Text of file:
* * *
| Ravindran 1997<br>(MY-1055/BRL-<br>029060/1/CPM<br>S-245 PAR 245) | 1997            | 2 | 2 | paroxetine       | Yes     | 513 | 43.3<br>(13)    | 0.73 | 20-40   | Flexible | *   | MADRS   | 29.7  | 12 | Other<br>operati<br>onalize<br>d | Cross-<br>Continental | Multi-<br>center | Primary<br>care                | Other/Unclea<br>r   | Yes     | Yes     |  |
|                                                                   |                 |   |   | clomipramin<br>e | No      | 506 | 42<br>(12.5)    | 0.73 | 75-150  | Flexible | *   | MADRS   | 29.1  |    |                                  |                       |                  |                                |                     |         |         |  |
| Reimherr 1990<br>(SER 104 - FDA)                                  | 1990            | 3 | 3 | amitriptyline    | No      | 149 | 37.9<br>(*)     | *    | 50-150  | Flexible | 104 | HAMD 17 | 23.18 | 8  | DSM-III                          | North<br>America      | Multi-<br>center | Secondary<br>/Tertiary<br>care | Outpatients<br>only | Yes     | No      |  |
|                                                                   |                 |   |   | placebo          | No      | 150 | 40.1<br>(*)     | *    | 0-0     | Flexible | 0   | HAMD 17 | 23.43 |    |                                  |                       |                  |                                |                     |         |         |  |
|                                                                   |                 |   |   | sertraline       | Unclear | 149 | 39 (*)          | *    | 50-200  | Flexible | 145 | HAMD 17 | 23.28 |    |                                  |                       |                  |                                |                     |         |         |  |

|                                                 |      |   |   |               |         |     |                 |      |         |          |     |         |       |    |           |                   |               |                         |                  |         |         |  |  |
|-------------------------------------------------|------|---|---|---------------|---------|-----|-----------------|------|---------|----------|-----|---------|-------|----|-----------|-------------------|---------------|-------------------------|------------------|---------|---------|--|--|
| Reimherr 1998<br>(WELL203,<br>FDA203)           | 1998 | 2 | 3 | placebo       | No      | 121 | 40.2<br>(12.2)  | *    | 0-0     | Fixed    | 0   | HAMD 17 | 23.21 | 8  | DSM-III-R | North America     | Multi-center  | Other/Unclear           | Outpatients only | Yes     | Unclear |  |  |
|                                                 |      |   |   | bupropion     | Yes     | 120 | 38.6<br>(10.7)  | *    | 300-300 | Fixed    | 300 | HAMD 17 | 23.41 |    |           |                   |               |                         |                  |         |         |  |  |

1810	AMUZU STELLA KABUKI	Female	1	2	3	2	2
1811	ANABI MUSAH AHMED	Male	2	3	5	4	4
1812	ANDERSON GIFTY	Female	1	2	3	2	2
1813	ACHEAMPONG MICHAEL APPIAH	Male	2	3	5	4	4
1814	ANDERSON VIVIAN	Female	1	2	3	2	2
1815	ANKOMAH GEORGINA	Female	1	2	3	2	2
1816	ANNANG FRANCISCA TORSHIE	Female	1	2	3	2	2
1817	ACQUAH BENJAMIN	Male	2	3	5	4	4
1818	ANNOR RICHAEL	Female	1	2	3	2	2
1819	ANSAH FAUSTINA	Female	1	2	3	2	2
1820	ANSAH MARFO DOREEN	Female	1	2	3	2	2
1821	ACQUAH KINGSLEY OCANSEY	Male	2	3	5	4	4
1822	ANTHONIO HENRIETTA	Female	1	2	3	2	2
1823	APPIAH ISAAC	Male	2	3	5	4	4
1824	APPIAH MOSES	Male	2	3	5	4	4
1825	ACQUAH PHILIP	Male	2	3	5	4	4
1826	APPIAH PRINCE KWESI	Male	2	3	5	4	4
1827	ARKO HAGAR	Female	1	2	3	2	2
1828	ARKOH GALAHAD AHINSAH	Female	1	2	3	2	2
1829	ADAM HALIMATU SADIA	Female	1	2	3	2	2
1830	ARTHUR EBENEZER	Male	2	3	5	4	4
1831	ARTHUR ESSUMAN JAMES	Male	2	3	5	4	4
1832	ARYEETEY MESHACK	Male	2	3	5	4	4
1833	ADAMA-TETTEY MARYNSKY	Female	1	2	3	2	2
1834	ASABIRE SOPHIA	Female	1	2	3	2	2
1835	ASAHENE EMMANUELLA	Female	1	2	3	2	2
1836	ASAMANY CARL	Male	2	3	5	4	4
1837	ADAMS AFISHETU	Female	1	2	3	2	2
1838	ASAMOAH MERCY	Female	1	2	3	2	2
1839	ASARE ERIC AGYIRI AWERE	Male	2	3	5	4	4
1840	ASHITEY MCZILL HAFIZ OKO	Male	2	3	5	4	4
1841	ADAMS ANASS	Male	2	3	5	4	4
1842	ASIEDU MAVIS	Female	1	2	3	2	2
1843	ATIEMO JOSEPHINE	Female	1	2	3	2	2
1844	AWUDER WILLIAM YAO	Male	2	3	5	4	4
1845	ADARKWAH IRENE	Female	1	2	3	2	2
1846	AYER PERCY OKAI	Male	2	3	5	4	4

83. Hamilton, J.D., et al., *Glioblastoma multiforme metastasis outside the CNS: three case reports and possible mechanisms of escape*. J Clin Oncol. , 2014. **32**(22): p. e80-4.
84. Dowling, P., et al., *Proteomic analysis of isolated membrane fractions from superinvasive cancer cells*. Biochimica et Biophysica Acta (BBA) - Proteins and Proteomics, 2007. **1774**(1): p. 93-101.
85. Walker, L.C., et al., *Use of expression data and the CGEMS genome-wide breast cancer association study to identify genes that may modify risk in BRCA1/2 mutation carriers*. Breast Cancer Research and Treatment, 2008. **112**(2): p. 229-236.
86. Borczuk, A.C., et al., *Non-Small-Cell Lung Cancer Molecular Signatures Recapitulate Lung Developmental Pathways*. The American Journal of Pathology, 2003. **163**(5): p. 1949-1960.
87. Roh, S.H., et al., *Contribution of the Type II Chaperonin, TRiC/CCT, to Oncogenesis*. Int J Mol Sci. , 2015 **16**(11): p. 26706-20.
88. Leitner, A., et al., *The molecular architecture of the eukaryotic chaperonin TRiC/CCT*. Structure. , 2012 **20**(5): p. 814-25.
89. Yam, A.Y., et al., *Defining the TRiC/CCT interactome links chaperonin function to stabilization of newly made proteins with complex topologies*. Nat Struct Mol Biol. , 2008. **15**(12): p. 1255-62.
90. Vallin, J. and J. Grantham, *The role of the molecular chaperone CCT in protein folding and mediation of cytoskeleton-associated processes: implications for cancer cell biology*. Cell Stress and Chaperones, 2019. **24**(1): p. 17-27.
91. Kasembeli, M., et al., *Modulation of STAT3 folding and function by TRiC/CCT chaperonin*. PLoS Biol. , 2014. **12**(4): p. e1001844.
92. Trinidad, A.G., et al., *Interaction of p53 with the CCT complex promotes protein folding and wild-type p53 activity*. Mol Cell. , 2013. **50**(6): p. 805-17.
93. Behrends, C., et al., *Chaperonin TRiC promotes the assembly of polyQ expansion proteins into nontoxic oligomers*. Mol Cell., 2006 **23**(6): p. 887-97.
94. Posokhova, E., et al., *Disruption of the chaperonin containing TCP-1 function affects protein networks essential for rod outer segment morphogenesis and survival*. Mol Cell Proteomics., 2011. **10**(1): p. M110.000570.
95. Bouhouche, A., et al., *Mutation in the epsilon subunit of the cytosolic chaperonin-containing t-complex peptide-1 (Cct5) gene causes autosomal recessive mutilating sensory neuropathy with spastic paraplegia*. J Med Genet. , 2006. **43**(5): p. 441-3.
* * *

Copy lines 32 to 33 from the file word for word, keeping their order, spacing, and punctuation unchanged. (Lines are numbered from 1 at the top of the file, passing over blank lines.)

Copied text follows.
1832	ARYEETEY MESHACK	Male	2	3	5	4	4
1833	ADAMA-TETTEY MARYNSKY	Female	1	2	3	2	2